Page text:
President Trump's determination of the FY 2020 refugee resettlement ceiling is set to take place very soon. If we are to believe a report by Politico, refugee admissions this upcoming fiscal year (October 1, 2019, to September 30, 2020) are set to drop dramatically, perhaps even to zero. Outraged responses were quick to follow.
All Democrats on the Senate Judiciary Committee — the Senate committee of jurisdiction over all refugee and immigration laws — forcefully condemned this anticipated cut that would, in their view, "do grave damage to our nation's values, our security interests, and our global standing" and "confirm that the Trump administration is outright abandoning our role as the humanitarian leader of the world."
Senior staff members of resettlement agencies also sounded the alarm. (These are the religious or community-based voluntary organizations, previously known as "volags", that work with, and are mostly funded by, the Department of State to resettle refugees inside the United States.) Jen Smyers of the Church World Service told Politico that the proposal for a near-shutdown of the refugee program could mean, in the long-term, "that the capacity and the ability of the United States to resettle refugees would be completely decimated." Elsewhere, Hans Van de Weerd of the International Rescue Committee responded to the reports of zero U.S. refugee admissions next year: "If confirmed, this decision is catastrophic for some of the most vulnerable people for whom resettlement is a life-saving last resort." Van de Weerd accused the White House of "abdicating America's legacy as a safe haven for persecuted people".
Away from moralizing and alarming stands, let's try to put matters into perspective. First, resettlement is not now being used as a lifeline for the most vulnerable refugees. Second, the United States is still the number-one resettlement country in the world, and it still leads the humanitarian appeal to help refugees and displaced populations abroad — not to mention the thousands of individuals to whom it grants asylum on its soil every year. Third, resettlement is only a few drops in the ocean.
And yet, the program does not need to be ended; it just needs to be rightly applied, as a ticket out only for those refugees who are genuinely at risk in the countries they've fled to. With that in mind, a 2020 refugee ceiling of 15,000 would cover most if not all of the UN's urgent and emergency submissions worldwide next year.
Resettlement, as It Is Applied Today, Is Not a "Life-Saving Last Resort" for Refugees
Contrary to common claims, for most refugees, resettlement is not a matter of life and death. The UN High Commissioner for Refugees (UNHCR) is the agency with the international mandate to determine who is attributed refugee status, to provide refugee assistance, and to decide who is eligible for resettlement in third countries, including the United States. Data on its 2017 and 2018 resettlement activities shows that the vast majority of refugees referred to third countries for resettlement (including the United States) are neither the most vulnerable nor in urgent need of relocation. Almost all refugees (83 percent) submitted by UNHCR for resettlement in 2018 (figures are for the calendar year) were classified by UNHCR itself to be in "normal circumstances", where "there are no immediate medical, social, or security concerns which would merit expedited processing." Only 17 percent were "urgent" or "emergency" submissions. In 2017 (see "UNHCR Projected 2019 Global Resettlement Needs"), 7.5 percent of all submissions were urgent or emergency ones and 92.5 percent were "normal".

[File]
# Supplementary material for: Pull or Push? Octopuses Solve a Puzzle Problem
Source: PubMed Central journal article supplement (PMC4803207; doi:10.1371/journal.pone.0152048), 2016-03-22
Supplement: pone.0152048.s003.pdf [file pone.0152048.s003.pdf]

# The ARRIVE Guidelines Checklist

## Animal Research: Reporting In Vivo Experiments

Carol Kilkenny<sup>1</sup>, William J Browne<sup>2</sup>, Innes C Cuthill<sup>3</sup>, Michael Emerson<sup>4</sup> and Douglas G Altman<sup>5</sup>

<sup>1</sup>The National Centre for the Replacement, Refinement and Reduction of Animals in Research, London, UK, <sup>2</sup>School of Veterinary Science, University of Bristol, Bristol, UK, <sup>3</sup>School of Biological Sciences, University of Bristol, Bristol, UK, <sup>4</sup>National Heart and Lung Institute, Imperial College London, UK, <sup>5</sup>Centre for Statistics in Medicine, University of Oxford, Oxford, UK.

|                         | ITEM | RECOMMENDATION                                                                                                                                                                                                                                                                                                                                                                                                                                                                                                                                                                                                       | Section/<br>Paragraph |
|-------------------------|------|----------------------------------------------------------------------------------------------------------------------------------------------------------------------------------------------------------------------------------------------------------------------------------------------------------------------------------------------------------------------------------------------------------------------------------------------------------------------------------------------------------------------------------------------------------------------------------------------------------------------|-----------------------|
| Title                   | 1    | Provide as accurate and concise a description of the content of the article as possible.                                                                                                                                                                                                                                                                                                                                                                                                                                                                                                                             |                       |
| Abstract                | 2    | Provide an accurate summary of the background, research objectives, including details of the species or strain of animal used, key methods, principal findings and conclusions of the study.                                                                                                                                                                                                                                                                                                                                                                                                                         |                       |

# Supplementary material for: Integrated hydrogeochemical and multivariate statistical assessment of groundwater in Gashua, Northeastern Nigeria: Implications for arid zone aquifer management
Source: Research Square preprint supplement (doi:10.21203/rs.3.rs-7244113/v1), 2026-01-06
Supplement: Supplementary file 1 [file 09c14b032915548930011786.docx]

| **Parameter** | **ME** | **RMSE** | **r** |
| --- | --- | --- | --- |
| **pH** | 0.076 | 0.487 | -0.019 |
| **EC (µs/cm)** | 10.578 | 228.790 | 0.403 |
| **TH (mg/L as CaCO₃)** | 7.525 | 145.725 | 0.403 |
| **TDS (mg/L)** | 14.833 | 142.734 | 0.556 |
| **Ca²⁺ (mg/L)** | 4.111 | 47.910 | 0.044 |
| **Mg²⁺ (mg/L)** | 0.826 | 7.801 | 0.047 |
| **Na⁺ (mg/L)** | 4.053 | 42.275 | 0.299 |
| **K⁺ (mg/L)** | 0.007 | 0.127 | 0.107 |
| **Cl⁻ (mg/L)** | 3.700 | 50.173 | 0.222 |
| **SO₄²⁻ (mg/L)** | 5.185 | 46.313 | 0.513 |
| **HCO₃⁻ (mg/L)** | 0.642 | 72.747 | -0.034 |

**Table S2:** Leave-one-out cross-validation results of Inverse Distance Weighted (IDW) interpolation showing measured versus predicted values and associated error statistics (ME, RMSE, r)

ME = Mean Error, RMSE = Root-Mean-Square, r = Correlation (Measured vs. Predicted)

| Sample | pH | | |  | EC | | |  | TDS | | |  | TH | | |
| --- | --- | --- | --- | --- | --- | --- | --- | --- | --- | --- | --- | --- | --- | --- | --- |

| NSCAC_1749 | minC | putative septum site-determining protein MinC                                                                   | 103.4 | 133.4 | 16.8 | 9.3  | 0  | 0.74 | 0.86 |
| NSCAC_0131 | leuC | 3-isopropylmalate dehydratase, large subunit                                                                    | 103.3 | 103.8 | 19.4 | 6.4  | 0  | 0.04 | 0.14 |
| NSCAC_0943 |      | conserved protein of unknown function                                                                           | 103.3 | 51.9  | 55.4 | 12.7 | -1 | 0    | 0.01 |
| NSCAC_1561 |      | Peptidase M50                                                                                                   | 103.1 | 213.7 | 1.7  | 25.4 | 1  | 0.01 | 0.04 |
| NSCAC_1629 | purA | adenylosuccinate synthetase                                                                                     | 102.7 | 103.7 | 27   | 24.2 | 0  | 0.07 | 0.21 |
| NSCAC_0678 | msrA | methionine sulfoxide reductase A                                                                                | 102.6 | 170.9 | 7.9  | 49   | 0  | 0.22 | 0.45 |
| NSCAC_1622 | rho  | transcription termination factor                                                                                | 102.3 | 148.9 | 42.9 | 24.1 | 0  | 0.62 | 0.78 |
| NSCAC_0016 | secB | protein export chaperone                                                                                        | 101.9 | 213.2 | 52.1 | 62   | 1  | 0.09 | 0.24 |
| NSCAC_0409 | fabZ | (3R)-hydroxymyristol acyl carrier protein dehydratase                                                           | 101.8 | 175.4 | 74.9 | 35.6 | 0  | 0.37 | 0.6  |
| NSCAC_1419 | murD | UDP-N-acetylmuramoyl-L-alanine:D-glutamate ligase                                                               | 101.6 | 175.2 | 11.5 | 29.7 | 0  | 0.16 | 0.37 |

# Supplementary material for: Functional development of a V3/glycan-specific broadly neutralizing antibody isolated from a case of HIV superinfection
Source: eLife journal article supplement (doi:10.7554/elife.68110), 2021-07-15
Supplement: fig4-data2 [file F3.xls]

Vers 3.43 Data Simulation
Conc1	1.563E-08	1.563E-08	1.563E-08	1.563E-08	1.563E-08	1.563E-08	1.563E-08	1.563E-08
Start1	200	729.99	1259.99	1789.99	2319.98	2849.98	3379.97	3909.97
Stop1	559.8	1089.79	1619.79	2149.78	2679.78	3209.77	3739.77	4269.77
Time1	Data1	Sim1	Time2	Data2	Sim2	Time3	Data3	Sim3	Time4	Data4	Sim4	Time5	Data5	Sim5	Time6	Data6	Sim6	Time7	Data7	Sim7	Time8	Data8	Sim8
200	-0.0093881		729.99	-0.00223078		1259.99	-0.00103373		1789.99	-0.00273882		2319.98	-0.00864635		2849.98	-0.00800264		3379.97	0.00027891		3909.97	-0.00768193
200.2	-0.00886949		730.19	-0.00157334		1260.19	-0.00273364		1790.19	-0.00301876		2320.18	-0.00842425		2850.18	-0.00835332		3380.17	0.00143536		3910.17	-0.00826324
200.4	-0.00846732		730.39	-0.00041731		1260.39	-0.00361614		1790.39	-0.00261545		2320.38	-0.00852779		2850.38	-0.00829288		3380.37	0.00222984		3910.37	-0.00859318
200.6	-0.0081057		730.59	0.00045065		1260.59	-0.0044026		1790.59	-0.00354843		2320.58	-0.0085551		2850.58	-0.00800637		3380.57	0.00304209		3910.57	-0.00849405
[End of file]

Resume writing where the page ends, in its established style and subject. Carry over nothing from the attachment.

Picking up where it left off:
The U.S. Is Still the World Leader When It Comes to Humanitarian Outreach
The United States still leads the humanitarian appeal to help refugees on her soil and abroad. It is also the number-one resettlement country in the world and one of the biggest donors to the UN refugee agency.
Despite lower resettlement ceilings in FY 2018 and FY 2019 (45,000 and 30,000, respectively), the United States under the Trump administration resettled more refugees than any other nation in 2017 and 2018. Furthermore, in FY 2018 alone, the U.S. contribution to UNHCR "reached a historic high of nearly $1.6 billion to support UNHCR's response to historic levels of displacement and humanitarian need."
On top of resettling thousands of refugees and assisting millions close to their homes, U.S. humanitarian efforts include assisting thousands of asylum-seekers who are already present on American soil. In a 2017 hearing on "Oversight of the United States Refugee Admissions Program", then-Director of USCIS L. Francis Cissna reminded us of this equally humanitarian outreach: "The way we look at it, the asylum work that we do is complementary to the refugee work. These are all vulnerable populations. These are people seeking relief under the same standard." And as Secretary of State Mike Pompeo underlined last year, the FY 2019 refugee resettlement ceiling determination (lower than the previous fiscal year) reflected the "daunting operational reality" of addressing the "humanitarian crisis" of asylum seekers in the United States. The "Proposed Refugee Admissions for Fiscal Year 2019 Report to Congress" provides us with valuable information in this regard: Since passage of the Refugee Act of 1980 the United States resettled more than three million refugees and granted asylum status to over 683,000 individuals. In recent years, the United States witnessed a significant increase in the number of asylum seekers on its soil: